What Science Says You Can Do to Help Reduce Your Cancer Risk

Millions of people are diagnosed with cancer each year, and while not all cases of cancer are preventable, between one third and one half of these cases could be prevented by changing some everyday behaviors. Knowing that your behavior can have a real impact on your health is helpful, but what specific things can you do? Here’s some advice backed by scientific evidence that may help prevent certain cancers: Don’t start or quit smoking. You…

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Exercise to cure depression: why moderated effects are so helpful

One of the areas of research I’m interested in is exercise. Most of us are aware that exercise benefits our well-being. It helps keeps our heart strong, maintain a healthy weight, and combat stress. However, is exercise so good it works as well as pharmaceuticals? The more radical exercise evangelicals claim it can. Some assert that exercise can cure depression and stop cancer. Are any of these claims true? 

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The silver lining: research on personal growth after trauma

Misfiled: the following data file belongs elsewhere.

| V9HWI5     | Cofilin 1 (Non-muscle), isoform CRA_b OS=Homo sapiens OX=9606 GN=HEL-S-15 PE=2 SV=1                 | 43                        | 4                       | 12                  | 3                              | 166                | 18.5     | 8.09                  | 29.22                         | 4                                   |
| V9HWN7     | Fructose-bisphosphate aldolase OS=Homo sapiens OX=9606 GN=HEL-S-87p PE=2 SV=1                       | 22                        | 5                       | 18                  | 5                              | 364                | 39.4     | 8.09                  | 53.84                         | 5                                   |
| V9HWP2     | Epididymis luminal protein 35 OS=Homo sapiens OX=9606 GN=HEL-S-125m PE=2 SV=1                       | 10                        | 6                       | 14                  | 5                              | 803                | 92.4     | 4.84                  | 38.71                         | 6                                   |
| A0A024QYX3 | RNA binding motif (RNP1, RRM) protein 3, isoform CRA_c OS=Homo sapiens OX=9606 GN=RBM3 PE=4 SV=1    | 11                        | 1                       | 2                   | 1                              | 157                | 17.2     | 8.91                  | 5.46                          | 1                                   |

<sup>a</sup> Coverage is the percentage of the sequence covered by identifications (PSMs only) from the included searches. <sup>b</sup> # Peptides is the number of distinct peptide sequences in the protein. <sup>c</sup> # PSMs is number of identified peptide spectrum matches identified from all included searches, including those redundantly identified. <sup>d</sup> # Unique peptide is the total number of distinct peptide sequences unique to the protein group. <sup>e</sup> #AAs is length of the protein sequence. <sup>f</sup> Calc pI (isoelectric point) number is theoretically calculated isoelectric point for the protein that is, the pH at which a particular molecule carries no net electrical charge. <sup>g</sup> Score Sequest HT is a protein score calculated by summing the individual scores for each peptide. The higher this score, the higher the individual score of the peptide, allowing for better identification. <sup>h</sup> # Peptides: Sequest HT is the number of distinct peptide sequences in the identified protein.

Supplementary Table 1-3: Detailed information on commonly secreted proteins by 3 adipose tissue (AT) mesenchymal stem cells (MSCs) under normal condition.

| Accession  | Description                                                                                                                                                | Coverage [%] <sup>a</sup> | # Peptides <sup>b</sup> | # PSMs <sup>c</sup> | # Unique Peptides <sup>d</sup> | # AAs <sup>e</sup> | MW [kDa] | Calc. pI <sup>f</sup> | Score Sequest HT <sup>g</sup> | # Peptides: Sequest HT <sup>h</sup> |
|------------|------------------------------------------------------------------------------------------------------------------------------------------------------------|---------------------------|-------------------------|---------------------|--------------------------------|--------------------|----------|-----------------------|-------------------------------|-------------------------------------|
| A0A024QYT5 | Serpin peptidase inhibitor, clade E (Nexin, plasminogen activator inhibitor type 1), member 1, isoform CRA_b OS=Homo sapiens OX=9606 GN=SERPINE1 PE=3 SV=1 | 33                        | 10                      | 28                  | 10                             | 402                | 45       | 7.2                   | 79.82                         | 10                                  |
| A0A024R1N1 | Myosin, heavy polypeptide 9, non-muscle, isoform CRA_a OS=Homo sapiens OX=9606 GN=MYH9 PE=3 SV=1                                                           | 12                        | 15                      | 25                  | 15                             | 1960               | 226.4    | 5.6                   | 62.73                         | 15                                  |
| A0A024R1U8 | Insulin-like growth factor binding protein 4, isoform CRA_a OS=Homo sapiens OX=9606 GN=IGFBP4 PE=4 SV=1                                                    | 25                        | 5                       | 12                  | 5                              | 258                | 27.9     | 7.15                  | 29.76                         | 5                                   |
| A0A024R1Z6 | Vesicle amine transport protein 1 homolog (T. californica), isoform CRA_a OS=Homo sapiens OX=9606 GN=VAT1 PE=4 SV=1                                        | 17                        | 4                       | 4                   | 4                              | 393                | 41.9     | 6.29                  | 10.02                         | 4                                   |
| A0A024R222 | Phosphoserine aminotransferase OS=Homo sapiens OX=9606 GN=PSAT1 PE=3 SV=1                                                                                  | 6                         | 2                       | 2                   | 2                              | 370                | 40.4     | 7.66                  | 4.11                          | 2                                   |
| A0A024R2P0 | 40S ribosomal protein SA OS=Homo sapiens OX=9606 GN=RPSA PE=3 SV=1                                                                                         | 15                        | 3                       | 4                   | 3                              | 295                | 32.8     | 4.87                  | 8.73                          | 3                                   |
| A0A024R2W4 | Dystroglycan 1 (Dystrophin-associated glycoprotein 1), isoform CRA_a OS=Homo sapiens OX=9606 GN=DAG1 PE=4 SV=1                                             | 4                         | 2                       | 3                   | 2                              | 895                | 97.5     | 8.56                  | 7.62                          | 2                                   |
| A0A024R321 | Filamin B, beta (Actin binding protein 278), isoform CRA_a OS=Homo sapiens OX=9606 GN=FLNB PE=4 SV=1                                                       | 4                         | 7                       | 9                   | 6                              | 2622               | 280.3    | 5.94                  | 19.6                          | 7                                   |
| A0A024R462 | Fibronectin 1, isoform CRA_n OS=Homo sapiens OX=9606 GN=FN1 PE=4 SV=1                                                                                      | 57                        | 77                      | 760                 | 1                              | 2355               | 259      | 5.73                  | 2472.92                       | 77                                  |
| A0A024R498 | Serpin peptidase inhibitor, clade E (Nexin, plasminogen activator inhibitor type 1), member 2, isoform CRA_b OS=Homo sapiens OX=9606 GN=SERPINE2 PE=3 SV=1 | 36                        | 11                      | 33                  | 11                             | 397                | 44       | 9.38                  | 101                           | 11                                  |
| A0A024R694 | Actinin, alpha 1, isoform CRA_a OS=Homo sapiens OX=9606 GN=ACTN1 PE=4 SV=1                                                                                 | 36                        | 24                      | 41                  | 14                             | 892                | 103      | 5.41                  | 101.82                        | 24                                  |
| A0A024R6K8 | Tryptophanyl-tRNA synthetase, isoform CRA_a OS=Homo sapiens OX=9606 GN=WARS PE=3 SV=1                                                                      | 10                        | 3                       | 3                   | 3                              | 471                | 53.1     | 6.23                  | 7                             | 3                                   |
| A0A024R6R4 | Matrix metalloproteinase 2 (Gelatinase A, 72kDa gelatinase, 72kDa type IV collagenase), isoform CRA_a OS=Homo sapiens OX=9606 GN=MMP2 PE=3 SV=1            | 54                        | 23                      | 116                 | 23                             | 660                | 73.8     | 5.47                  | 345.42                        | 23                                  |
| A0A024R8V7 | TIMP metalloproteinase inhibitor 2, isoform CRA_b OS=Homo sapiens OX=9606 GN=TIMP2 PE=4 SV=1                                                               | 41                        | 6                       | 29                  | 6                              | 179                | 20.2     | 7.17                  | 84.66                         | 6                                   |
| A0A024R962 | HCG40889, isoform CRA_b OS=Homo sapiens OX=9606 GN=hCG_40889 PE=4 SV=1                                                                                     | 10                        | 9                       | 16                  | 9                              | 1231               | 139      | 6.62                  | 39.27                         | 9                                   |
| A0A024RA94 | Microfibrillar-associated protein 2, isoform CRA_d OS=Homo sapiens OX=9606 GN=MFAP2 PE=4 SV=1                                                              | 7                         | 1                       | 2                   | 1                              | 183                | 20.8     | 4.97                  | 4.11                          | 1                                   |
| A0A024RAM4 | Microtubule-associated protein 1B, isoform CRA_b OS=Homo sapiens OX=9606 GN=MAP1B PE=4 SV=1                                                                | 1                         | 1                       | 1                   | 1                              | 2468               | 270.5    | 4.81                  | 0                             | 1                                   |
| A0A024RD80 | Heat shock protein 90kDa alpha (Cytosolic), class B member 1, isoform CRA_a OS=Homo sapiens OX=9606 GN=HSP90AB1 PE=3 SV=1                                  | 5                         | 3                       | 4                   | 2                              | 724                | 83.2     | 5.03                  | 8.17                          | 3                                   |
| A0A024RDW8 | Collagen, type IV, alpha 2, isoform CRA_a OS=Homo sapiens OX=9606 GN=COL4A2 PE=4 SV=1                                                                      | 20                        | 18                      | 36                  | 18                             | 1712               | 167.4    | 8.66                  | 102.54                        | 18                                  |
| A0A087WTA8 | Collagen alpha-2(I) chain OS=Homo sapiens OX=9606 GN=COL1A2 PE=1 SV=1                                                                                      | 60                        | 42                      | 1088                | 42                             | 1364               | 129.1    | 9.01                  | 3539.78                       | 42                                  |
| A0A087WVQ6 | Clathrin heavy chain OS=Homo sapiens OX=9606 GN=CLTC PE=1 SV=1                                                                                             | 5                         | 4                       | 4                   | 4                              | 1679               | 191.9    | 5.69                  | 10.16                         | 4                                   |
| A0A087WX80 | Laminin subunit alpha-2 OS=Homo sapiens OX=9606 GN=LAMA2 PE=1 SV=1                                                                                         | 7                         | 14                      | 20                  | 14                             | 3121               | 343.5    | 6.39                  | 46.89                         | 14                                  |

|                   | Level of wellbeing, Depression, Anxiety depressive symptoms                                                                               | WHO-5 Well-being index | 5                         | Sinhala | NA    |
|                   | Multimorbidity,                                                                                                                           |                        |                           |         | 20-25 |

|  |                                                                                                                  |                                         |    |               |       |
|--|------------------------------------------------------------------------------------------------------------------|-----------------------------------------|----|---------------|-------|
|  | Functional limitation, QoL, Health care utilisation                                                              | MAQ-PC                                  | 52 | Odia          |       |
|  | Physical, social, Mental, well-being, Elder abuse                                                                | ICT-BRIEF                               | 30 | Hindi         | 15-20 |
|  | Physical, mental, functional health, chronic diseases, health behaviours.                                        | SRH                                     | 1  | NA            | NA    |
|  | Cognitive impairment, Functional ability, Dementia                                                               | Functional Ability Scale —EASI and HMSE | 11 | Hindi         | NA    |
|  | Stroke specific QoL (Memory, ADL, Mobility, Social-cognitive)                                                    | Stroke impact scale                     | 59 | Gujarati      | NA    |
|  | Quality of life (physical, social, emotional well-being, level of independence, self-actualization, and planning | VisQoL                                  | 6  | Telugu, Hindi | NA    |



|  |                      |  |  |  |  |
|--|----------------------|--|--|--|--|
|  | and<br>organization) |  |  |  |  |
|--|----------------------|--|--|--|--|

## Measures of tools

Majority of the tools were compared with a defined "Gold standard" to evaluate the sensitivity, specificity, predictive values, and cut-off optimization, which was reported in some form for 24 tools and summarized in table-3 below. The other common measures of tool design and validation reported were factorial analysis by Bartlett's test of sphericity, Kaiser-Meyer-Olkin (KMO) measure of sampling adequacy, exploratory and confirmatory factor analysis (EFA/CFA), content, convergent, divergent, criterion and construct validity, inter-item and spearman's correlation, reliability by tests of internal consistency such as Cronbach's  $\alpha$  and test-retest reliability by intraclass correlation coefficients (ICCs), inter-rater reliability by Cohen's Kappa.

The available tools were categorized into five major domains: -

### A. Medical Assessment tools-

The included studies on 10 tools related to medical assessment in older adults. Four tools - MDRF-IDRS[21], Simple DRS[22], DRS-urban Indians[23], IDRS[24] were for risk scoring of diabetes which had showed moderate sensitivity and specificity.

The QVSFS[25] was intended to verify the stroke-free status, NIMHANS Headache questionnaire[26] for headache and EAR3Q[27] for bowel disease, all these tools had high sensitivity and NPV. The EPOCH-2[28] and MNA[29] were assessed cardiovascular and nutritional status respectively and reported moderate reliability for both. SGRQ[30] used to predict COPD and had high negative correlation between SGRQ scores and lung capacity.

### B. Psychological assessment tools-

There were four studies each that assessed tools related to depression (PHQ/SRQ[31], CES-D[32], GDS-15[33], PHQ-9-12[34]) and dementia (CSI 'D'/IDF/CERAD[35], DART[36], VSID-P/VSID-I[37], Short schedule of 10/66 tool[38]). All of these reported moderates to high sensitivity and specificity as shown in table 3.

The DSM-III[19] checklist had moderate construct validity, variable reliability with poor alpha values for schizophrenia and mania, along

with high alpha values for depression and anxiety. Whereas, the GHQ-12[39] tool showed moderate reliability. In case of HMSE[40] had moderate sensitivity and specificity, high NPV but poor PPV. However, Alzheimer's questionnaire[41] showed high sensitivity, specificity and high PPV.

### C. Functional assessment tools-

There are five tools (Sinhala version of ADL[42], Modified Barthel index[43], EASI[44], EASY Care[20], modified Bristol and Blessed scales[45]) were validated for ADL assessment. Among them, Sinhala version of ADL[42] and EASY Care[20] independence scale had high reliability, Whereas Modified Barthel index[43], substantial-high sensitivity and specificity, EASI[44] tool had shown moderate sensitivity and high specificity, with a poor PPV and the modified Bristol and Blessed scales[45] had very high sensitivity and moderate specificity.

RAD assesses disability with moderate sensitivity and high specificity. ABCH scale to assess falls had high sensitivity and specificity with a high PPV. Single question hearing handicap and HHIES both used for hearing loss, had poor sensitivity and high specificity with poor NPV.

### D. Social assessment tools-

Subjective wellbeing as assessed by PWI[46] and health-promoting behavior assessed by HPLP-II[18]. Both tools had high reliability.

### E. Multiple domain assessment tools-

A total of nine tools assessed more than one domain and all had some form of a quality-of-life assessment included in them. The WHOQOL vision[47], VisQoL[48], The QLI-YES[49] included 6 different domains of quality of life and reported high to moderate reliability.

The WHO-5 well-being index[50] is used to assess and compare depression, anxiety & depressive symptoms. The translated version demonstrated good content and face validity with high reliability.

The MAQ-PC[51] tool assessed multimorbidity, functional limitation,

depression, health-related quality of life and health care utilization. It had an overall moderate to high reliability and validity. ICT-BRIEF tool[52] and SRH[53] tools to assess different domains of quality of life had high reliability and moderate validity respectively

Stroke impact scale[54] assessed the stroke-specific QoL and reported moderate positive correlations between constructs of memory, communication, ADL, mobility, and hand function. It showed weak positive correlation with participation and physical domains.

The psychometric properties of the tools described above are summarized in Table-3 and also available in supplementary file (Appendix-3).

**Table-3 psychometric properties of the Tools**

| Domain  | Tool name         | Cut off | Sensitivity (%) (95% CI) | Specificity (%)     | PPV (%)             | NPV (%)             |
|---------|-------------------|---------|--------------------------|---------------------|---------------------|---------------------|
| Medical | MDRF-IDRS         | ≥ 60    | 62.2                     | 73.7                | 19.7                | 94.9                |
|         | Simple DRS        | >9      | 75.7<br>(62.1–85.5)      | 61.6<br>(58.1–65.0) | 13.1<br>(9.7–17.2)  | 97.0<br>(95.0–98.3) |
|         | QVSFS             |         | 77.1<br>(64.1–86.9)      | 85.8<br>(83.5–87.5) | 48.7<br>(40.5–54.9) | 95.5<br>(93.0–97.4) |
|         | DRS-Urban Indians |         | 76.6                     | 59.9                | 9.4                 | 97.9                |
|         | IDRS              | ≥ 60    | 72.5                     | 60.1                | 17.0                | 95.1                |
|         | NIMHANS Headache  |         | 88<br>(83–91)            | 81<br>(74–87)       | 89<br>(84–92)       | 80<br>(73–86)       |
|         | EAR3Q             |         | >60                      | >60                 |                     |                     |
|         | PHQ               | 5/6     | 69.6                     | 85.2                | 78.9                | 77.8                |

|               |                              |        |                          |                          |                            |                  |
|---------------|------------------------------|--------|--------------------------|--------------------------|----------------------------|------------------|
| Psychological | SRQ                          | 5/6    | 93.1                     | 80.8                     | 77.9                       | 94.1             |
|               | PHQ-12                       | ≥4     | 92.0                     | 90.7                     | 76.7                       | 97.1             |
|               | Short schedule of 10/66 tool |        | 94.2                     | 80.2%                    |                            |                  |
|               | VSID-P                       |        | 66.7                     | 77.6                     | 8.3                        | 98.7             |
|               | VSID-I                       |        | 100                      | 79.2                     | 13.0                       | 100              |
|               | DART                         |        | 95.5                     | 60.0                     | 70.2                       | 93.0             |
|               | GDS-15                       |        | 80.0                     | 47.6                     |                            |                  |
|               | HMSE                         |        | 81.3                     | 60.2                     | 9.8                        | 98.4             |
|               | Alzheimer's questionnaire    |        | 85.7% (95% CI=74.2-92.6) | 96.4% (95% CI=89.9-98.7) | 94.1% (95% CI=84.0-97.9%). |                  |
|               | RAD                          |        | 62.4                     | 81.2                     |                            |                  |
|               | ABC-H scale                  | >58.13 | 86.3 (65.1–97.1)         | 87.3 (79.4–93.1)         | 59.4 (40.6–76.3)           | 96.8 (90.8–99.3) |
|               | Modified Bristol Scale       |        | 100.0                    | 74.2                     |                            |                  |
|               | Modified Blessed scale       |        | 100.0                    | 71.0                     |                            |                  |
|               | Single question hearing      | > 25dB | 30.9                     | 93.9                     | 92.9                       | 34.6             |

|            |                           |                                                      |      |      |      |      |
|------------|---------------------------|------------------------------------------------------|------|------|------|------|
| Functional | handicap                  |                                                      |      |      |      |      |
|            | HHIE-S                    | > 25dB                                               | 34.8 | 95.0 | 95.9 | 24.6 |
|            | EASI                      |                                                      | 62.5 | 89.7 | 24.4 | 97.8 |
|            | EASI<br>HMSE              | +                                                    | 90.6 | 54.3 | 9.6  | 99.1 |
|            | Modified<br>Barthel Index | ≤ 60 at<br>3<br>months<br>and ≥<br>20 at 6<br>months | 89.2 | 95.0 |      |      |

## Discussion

Research on stressful life events like receiving a terminal diagnosis or the impact of losing a job has focused primarily on the negative psychological effects of such events.  However, clinicians and researchers began to realize that many of their patients were reporting positive changes after experiencing adversity. Interviews with cancer patients and other samples found, as a surprise to many mental health professionals, that many people saw a “silver lining on the dark cloud”  to…

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Positivity and cancer progression: what’s the evidence?

Here are two really interesting recent editorials about the role of positive attitudes in cancer progression.  One article harshly criticizes the “positive psychology” movement of lacking in scientific sophistication (Coyne & Tennen, 2010) and the other defends the research that has been done thus far (Aspinwall & Tedeschi, 2010). This is the most heated researchers get, very entertaining!

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Correlation, causation, or association – What does it all mean???

From allaboutaddiction.com: A comment posted by a reader on a recent post reprimanded me for suggesting that marijuana caused relationships to go bad. While in that instance the reader was mistaken, as I had specifically used the word associated, the comment made me think that maybe I should explain the differences here. I’m a scientist studying addiction, and in the field, it’s very important to be clear about what each of the words you use…

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